Jonah, though a prophet of God, needed some instruction and correction from God. The irony is that God had been extremely merciful to Jonah, but Jonah would show no mercy to others. Even as he rebelliously fled to Tarshish, God caused some of the pagan sailors to call upon the name of the Lord and fear Him (Jonah ), working good out of a bad situation. God’s mercy to him continued as He appointed a fish to swallow him, lest he drown in the storm. When Jonah repented in the stomach of the fish, God had mercy and ordered the fish to vomit him up on dry land. And despite Jonah’s questionable motives, God still used him to bring about a revival of an incredible magnitude. Given that there were 120,000 in Nineveh who didn’t know the difference between their right and left hand (likely referring to young, innocent children), we could infer that there were at least several hundred thousand or more people in the entire city. Scripture says that the people of Nineveh, from the greatest to the least, believed in God (Jonah 3:5). But rather than praise God for changing these hearts and sparing their souls and even having the chance to be involved in such a work, Jonah grew angry unto death. God had been so compassionate to him over and over again, but he missed it or refused to acknowledge it. He had no problem with God showing him compassion, but he simply wouldn’t be merciful to others.
In the end of the book, God drilled the message home to Jonah. He appointed a plant to miraculously grow up around Jonah to provide shade for him from the scorching sun. This made Jonah happy (Jonah 4:6). God then appointed a worm to eat the plant, causing it to wither, followed by a scorching east wind which made the heat unbearable. Jonah again said to God that he wanted to die, for he missed his plant on which he had had compassion. God’s question for Jonah was this:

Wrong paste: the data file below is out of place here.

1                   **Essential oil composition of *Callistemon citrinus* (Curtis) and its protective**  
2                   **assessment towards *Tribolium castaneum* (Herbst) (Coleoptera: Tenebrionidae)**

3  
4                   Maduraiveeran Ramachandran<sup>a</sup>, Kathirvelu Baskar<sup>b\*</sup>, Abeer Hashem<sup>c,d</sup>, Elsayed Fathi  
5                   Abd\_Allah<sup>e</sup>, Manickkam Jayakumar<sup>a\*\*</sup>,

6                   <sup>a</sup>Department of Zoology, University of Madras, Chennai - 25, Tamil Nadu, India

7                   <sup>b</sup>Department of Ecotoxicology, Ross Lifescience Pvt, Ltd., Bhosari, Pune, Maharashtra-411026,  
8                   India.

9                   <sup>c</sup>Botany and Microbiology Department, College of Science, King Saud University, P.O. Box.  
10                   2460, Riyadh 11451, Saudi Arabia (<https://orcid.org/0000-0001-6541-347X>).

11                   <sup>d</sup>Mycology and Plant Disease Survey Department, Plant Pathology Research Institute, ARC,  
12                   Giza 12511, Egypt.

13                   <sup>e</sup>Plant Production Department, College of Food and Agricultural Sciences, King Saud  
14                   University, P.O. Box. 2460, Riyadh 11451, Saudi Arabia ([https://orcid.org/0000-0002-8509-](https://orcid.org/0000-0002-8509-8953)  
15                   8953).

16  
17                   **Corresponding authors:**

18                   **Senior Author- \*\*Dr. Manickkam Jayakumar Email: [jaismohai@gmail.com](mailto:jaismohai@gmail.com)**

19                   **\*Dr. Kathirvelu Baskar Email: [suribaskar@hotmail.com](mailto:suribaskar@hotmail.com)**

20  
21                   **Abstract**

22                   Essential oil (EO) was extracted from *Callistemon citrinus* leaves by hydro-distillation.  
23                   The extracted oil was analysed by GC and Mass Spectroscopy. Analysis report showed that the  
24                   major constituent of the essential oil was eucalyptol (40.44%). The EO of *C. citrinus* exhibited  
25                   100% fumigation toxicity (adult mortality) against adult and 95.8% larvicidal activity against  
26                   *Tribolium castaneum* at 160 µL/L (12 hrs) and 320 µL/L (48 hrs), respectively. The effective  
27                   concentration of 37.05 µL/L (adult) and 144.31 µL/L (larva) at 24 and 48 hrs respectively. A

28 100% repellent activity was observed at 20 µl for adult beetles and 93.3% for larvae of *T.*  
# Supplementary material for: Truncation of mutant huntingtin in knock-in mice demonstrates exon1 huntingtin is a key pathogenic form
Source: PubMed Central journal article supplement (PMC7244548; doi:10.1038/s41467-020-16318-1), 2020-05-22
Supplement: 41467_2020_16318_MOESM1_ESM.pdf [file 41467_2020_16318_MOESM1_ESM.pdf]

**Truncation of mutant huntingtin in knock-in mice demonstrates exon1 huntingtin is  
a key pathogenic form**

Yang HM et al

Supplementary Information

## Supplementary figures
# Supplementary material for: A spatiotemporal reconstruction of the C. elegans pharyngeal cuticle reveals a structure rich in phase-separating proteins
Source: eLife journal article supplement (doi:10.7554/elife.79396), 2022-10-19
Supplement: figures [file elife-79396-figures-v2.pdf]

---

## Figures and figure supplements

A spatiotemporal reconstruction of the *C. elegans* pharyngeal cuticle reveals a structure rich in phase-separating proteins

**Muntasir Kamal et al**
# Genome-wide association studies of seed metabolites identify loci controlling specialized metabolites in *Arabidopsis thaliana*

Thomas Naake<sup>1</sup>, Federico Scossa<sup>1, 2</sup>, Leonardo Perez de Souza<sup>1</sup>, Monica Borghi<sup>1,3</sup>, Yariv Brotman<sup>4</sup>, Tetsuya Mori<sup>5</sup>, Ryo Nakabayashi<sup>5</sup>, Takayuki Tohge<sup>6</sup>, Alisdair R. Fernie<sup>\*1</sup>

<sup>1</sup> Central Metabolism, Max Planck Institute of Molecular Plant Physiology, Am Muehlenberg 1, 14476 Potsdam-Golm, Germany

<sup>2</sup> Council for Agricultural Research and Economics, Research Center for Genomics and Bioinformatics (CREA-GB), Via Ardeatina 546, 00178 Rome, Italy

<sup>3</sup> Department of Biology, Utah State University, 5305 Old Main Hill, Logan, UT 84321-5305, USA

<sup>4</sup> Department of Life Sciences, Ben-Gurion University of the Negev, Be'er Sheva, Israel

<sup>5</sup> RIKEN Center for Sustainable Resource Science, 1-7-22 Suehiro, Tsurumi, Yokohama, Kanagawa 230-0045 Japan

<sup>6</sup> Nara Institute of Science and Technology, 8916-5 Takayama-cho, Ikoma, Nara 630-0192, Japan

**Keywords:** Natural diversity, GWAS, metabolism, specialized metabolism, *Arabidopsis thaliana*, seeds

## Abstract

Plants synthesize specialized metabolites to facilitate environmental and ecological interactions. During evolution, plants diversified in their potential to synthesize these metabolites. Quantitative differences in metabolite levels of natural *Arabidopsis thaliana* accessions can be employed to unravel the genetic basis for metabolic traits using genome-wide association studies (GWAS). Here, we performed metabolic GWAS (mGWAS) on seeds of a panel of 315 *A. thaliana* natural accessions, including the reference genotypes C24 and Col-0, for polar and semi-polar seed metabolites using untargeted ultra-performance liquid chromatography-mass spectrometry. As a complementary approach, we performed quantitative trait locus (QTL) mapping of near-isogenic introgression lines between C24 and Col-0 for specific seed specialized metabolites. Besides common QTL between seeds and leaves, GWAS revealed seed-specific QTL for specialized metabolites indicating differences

“You had compassion on the plant for which you did not work and which you did not cause to grow, which came up overnight and perished overnight. Should I not have compassion on Nineveh, the great city in which there are more than 120,000 persons who do not know the difference between their right and left hand, as well as many animals?” (Jonah 4:10-11).
God was constantly compassionate to Jonah, wanting him to repent and hoping to teach him to have compassion on others. He was so self-centered that he missed his plant, mourning over its death, when he wanted to gloat in the death of hundreds of thousands of innocent lives. As the book closes, it does not tell us whether Jonah repented or not. The message, however, is clear. God is a God of compassion, and He continually pursues us, trying to teach us to be conformed to His ways. Yet we must choose to repent and have compassion on others.
Are we like Jonah? Are there people we so despise that we would love to see them die in their sins? Do we care about their souls and the fact that they, if they do not repent, will spend an eternity in hell? What about the innocent children who suffer because of the sins of others? Do we care? Christianity, at its core, must be compassionate because Christ is compassionate. If we all got what we deserved, including Jonah, we all would be judged and wiped off the face of the earth. But God has been compassionate to us, even giving up His own Son for us while we were yet sinners (Romans 5:8). God loves the unlovely, the unlovable, and those who hate Him. Thus, He gives us Christ. Yet we must repent of our sins, receive His gift, and choose to show compassion on others as He has had compassion on us.
May God compassionately pursue us and teach us to be merciful as He did Jonah.